The earthquake caused extensive damage to the structures of the Fukushima-Daiichi power plant and knocked out the pump systems that supply cooling water to the reactors and the spent fuel pools. The tsunami then overwhelmed the facility’s inadequate 5.5 meter seawall and, most important from a process safety point of view, it knocked out the safety systems designed to keep the reactors cool. Consequently the cores of the reactors overheated leading to  partial meltdowns and follow-on problems, such as the generation of hydrogen gas that exploded. A considerable amount of radioactive material leaked to the ground, the sea and the air — and those leaks appear to be on-going.

At least six consequences

Sign-1Although this catastrophe occurred two and a half years ago, the current state of the facility is still a long way from being properly understood. One reason for this is that there are at least six separate events that need to be considered, and they are all different from one another. They are:

  1. The presumed partial meltdown in Reactor #1;
  2. The presumed partial meltdown in Reactor #2;
  3. The presumed partial meltdown in Reactor #3;
  4. The removal of spent fuel from the Reactor #4 storage facility;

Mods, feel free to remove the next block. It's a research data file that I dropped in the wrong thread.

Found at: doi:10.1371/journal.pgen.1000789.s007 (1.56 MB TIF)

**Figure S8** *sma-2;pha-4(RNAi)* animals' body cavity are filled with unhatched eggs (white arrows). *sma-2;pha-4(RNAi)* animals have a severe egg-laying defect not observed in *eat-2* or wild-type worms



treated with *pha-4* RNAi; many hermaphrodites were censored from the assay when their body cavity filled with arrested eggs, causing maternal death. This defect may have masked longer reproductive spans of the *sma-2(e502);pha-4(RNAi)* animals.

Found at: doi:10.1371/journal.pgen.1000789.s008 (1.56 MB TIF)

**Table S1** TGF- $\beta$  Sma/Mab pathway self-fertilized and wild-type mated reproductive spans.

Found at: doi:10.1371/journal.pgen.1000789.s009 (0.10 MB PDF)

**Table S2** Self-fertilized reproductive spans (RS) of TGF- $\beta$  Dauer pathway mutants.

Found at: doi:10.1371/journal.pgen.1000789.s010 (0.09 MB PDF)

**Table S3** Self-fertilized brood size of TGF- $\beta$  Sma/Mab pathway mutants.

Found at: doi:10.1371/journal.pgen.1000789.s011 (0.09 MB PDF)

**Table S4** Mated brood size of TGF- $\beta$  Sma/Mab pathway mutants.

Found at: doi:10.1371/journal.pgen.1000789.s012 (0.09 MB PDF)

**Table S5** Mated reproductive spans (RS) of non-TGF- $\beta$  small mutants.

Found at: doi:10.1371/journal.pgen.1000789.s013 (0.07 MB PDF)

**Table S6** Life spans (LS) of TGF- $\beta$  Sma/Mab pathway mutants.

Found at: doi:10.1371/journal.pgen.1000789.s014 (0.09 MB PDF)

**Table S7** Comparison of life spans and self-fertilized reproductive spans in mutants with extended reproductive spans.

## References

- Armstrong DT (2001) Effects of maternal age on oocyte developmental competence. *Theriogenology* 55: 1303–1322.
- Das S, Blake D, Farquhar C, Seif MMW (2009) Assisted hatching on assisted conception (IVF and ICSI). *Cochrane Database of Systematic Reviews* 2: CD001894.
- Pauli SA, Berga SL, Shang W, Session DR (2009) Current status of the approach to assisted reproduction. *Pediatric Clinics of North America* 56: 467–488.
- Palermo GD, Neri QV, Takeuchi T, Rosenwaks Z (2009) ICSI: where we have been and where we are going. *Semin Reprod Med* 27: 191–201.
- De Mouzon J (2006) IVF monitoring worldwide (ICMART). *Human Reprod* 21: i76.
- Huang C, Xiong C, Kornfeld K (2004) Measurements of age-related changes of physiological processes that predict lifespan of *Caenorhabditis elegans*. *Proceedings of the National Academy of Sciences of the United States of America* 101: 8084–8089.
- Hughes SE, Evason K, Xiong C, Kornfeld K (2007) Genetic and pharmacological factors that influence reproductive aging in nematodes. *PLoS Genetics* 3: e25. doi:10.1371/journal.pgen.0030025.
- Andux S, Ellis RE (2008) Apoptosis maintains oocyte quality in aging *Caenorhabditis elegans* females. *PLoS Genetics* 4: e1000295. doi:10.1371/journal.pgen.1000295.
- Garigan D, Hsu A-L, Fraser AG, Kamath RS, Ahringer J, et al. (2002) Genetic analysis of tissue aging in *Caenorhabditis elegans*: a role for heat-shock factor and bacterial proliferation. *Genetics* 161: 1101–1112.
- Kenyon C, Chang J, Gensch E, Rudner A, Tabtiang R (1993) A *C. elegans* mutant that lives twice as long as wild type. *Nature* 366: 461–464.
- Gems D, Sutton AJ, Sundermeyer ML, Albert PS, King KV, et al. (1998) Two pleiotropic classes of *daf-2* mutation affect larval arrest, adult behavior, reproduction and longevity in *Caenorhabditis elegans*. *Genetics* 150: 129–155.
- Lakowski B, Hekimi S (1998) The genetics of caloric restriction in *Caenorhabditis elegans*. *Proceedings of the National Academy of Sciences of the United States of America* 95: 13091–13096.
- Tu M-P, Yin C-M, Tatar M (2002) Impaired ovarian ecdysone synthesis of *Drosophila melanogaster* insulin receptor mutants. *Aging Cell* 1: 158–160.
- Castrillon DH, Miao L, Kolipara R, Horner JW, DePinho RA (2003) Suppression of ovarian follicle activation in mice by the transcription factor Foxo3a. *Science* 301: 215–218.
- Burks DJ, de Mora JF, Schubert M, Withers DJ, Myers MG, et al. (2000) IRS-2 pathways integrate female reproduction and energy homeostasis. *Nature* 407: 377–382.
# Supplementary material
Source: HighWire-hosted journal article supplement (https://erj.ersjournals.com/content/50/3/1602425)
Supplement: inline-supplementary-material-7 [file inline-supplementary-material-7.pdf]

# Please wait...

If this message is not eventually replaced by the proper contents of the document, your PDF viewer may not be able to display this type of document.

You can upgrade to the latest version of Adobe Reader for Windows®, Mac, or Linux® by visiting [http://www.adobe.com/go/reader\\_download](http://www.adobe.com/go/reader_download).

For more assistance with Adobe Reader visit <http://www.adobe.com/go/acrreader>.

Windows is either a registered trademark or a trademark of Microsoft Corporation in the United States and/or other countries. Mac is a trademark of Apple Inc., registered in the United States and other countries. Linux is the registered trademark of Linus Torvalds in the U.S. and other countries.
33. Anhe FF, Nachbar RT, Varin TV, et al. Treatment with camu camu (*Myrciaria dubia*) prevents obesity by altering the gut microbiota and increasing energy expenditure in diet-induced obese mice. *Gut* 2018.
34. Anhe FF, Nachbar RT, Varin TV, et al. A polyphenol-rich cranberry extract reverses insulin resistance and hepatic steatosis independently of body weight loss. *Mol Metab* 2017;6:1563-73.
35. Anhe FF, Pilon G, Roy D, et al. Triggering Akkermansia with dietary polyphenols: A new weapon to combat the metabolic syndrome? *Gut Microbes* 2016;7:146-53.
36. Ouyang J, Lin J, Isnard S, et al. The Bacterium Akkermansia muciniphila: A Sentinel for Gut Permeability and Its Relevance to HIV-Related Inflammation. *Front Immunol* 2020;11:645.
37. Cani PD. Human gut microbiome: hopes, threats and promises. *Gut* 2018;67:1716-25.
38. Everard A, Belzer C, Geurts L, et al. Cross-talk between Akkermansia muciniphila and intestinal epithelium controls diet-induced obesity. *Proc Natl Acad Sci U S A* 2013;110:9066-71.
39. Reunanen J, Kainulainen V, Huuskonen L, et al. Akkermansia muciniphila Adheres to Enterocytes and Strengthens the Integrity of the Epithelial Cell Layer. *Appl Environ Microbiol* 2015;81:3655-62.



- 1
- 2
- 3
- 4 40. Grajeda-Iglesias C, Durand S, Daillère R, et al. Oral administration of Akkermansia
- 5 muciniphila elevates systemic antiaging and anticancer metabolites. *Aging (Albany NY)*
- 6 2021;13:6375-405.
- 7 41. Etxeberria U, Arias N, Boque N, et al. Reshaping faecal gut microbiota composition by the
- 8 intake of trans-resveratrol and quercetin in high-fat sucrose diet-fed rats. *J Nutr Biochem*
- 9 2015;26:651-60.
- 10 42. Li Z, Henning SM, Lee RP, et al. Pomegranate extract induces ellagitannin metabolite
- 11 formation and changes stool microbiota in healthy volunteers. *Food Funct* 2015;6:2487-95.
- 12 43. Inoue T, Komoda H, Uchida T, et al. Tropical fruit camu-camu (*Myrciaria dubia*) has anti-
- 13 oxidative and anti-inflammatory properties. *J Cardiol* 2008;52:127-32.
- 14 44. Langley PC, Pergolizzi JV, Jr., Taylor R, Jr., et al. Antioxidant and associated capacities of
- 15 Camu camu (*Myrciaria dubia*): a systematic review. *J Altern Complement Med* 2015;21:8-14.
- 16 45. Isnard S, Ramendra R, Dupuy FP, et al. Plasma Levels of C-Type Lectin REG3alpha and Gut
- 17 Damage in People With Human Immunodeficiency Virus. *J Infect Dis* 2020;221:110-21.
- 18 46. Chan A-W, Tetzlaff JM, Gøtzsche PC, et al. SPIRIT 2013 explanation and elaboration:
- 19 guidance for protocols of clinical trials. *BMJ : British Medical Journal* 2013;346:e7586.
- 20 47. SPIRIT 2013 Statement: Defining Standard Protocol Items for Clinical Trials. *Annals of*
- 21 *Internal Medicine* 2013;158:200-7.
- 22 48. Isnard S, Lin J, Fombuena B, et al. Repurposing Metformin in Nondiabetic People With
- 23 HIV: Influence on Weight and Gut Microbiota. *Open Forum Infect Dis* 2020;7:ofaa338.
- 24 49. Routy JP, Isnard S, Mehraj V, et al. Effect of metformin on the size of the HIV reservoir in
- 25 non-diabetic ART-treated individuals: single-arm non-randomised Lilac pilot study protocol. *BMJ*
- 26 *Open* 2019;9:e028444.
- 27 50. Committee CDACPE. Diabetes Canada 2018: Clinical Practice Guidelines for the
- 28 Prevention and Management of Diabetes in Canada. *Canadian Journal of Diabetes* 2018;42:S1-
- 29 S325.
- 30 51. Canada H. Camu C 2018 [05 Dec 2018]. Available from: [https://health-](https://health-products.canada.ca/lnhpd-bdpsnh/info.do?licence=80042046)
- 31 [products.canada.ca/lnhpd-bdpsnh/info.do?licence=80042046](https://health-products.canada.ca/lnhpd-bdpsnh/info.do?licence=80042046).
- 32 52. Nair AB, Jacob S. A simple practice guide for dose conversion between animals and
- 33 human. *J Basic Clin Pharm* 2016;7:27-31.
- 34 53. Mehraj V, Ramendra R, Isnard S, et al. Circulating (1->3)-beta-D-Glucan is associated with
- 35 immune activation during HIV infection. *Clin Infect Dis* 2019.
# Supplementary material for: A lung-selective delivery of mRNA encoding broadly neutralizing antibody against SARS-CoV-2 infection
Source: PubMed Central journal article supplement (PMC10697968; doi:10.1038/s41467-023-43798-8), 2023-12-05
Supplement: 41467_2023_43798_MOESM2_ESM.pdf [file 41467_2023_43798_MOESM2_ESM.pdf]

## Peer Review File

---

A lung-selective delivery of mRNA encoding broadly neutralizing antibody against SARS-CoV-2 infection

5. The on-going flow of ground water; and
  6. The integrity of the temporary water storage tanks,

    which are not seismically rated.

(Items not included in the above list are the newer Reactors #5 and #6, which seem to have suffered less damage, and the long-term storage of the nuclear fuel rods after they have been recovered.)

In summary, three large nuclear power plants have probably suffered a partial meltdown and the structure containing the spent fuel rods of Reactor #4 is seriously damaged, and could collapse and/or  allow cooling water to escape — particularly were there to be another large earthquake. Given that this this structure is 30 meters above grade and is outside the containment building, and given that the rods are clad in zirconium that catches fire when exposed to air, this is, to say the least, a tricky situation – one that the operator Tepco (Tokyo Electric Power Company) started to address in November of this year.